Directed by Irvin
Kirshner (1980, 20th Century Fox)
Starring Mark Hamil, Harrison Ford, Carrie Fisher, and Alec
Darth Vader spares nothing in his search for Luke, while Han is
used as bait for Luke, who learns the ways of the Force.
August 22nd, 2016 on
Blu-ray for the 50th time
I just realized that I hit 50 times
for The Empire Strikes Back!
September 14th, 2014 on
Blu-ray for the 49th time
This movie, somehow, keeps getting
better, more beautiful, and truly inspiring. This cast has a snappy and
amazing chemistry, the dialog is fantastic, and it really is haunting in
so many scenes. I think this movie also has the best music of them all,
whether it's the introduction of The Imperial March, the asteroid chase,
the battle on Hoth, or the tragic ending. Truly one of the best movies
June 19th, 2013 on
Blu-ray for the 48th time
I keep finding deeper things when I
see this movie, things that obviously tied into the past and were used
in Revenge of the Sith, that somehow make this movie even better. The
way Obi-Wan and Yoda say they don't want to lose Luke the way his did
Vader to "his emperor", for example -through Luke's friends and Anakin's
secret wife, and both through Force visions. I don't like Yoda's callous
talk about sacrifice, though, but that's the way all the Jedi of the
prequel era thought, and why people really didn't mind having them
May 20th, 2012 on
Blu-ray for the 47th time
Can this movie be called hauntingly
beautiful? I think so, from the vast wastelands of Hoth, to the
especially haunting fogs and bogs of Dagobah, and especially the
ethereal mists of Bespin. On the other hand, I'm going to have to look
at my older copies of the movie, because this one seemed especially
dark on my TV, whether it was the control room in Echo Base or the cockpit of the
Falcon. Making it so dark really lost a lot of detail for me, which was
disappointing. As for the movie itself, it still makes me wonder how
they made such an incredible film.
April 8th, 2011 on DVD
for the 46th time
This is the first time I've watched
this movie on my big screen TV, and using a Blu-Ray player. It's
probably the combination of the two that made Empire so stunning, yet again.
It has always been my favorite movie of the entire series, but here it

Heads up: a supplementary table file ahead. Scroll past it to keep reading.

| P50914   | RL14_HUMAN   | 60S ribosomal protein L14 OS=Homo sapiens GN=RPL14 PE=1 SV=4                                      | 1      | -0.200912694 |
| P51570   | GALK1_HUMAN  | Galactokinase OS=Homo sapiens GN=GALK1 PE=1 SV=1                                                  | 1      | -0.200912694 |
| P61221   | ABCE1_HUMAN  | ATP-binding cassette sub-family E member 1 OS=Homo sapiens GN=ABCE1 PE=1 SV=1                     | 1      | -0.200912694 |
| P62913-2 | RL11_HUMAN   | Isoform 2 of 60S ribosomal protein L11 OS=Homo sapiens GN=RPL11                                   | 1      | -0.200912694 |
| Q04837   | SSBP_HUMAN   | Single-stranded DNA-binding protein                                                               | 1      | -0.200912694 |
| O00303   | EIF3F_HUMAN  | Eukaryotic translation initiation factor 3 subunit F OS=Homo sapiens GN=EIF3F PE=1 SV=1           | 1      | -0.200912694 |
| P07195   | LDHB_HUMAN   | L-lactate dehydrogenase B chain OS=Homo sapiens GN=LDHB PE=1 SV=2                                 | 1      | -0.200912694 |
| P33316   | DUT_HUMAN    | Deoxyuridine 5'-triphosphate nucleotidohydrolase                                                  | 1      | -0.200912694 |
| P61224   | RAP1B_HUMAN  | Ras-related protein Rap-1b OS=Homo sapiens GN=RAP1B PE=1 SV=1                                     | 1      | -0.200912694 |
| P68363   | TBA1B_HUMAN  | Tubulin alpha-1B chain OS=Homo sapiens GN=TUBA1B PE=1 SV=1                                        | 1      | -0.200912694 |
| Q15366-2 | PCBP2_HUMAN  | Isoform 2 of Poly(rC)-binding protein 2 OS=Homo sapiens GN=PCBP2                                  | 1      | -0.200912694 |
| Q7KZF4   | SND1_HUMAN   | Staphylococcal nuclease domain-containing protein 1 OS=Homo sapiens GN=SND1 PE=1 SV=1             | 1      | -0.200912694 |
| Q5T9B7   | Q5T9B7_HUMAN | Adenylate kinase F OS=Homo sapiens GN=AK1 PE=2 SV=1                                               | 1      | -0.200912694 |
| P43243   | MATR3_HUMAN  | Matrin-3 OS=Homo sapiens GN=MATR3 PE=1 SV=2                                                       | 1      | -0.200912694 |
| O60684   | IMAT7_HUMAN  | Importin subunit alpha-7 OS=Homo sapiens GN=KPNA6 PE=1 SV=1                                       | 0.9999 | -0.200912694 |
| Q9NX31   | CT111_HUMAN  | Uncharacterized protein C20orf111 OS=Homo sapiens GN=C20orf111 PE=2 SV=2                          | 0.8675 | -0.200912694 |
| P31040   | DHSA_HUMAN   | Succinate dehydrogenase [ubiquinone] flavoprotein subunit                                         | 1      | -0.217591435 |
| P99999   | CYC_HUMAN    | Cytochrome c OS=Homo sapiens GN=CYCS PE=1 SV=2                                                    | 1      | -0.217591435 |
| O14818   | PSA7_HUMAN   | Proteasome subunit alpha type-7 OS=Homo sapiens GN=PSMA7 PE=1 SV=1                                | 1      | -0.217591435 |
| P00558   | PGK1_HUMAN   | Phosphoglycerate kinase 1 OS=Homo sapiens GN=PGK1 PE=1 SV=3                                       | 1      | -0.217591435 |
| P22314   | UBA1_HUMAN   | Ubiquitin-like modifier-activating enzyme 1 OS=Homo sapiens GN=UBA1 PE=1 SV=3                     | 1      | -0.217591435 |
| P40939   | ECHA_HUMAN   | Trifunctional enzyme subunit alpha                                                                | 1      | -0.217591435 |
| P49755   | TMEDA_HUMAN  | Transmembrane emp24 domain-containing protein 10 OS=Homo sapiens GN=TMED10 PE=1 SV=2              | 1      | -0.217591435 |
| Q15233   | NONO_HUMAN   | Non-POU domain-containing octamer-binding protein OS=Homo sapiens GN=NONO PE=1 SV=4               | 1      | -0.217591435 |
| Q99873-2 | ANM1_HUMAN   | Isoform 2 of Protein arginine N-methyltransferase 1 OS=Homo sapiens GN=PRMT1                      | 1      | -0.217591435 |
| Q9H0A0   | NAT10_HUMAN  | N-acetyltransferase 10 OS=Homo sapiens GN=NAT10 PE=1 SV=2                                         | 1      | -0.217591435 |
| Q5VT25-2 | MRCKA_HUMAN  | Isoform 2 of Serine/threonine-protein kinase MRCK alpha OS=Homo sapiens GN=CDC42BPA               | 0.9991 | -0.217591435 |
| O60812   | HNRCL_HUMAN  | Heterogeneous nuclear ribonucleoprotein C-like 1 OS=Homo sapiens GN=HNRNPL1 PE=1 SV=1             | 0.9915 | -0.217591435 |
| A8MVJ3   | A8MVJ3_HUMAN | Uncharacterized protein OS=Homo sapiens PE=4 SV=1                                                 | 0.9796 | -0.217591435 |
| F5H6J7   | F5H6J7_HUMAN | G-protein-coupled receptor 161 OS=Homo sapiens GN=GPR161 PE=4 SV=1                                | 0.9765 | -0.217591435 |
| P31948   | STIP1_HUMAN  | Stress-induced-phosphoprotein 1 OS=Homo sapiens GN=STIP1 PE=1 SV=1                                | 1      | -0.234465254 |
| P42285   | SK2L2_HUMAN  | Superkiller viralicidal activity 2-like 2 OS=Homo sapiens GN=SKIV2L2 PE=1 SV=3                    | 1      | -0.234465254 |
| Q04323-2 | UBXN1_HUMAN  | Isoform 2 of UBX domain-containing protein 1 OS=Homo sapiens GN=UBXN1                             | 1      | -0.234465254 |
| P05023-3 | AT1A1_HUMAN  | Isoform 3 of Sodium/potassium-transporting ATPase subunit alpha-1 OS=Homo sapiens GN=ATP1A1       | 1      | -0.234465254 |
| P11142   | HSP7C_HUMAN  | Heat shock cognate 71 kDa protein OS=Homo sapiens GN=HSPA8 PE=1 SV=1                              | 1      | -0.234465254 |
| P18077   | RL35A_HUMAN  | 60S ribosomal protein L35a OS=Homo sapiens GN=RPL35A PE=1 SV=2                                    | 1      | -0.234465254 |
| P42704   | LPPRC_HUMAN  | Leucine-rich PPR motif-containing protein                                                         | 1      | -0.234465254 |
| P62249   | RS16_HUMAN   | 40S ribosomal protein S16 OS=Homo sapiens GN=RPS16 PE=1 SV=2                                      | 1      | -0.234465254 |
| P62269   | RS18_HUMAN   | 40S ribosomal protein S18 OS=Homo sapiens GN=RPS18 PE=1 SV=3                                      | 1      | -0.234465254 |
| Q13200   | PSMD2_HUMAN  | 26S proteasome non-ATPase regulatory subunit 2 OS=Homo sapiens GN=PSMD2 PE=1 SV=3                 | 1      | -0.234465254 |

really shone. As I think I've mentioned before, I think this movie
benefited most from the Special Edition treatment, as it was mostly
background stuff. The opening up of Cloud City was terrific. Everything
was great, as usual, and I'm happy to watch this movie again and again!
October 29th, 2009 on
DVD for the 45th time
I don't think I've ever enjoyed
this movie more than I did this night. I found it to be funny in many
places, especially Han Solo's lines. I loved the way Han was portrayed
as a ladies' man who wanted Leia, but became frustrated when she didn't
return his attentions. The line where she replies to him that it takes
more than being held to get her excited, followed by his comment "I
don't have time for anything else" was hilarious.
Yoda's lessons to Luke seem even more timely than before. I think
Yoda must have gone a little crazy in his time in exile on Dagobah. It
must have been fun to be mischievous after not seeing anybody for so
long. He also wants to give himself as many excuses not to train Luke as
possible, probably fearing his failure again. He's had 20 years to think
about how he could have done things differently, and maybe he thinks he
couldn't have. I think his warning to Luke about the cave felt more
ominous this time, as Luke does go into the cave with hatred and
vengeance in mind. By the end of the movie, he confronts Vader with the
arrogance of youth, and he is still our for vengeance, most likely still
because of Ben's murder.
I find it interesting to contrast the Luke of The Empire Strikes Back
with the one that permeates the later novels. He is indeed reckless, as
Yoda says. In the later novels, he struggles to preserve life that's
even trying to kill him. He has matured so much, and has a completely
Meanwhile, the visuals and music are incredibly amazing. I guess I
was just really in the Star Wars mood, but everything felt more vibrant
and exciting. The asteroid chase is one of my favorite scenes, and has
some of my favorite music in the whole two trilogies. The pacing of the
movie was perfect, even if the timing of some events are off a little
(I'm thinking of General Veers' optimistic account of how long it will
take him to get to and destroy the shield generators, for one thing).
September 26th, 2004
on DVD for the 44th time
September 26th, 2004
on DVD for the 43rd time
As with A New Hope, this movie was
terrific, so crisp and clear, in both video and audio! Still my favorite
of the three films, I know this one so well.
As with my review of the previous film, I want to focus on the
Special Edition and DVD changes. Empire always had very few changes,
most of which were very subtle, and didn't alter the meaning of
anything. However, it gets one of the largest changes of the trilogy for
the DVD release.
The changes to the Emperor's scenes will have to wait for Episode III
to receive full judgment. Although I wondered why the Emperor hadn't been
changed for the Special Edition, I liked the change here. The dialog
will need some explanation, and I sure hope that it gets explained. It
looks as if Vader is trying to outsmart Palpatine here, pretending not
to know the name of the rebel who destroyed the Death Star. But Vader
stated "Skywalker is with them" earlier, when detecting Hoth. I always
felt that Vader's taunt to "rule the galaxy together as father and son"
was just a way to lower Luke's guard; that he was always completely
loyal to the Emperor. This might not be the case, however. The dialog
change does indicate that both Anakin and Palpatine knew that Padmé was
pregnant, though. This would answer a question I've always had about why
Ben allowed Luke to keep the name Skywalker. If would be an obvious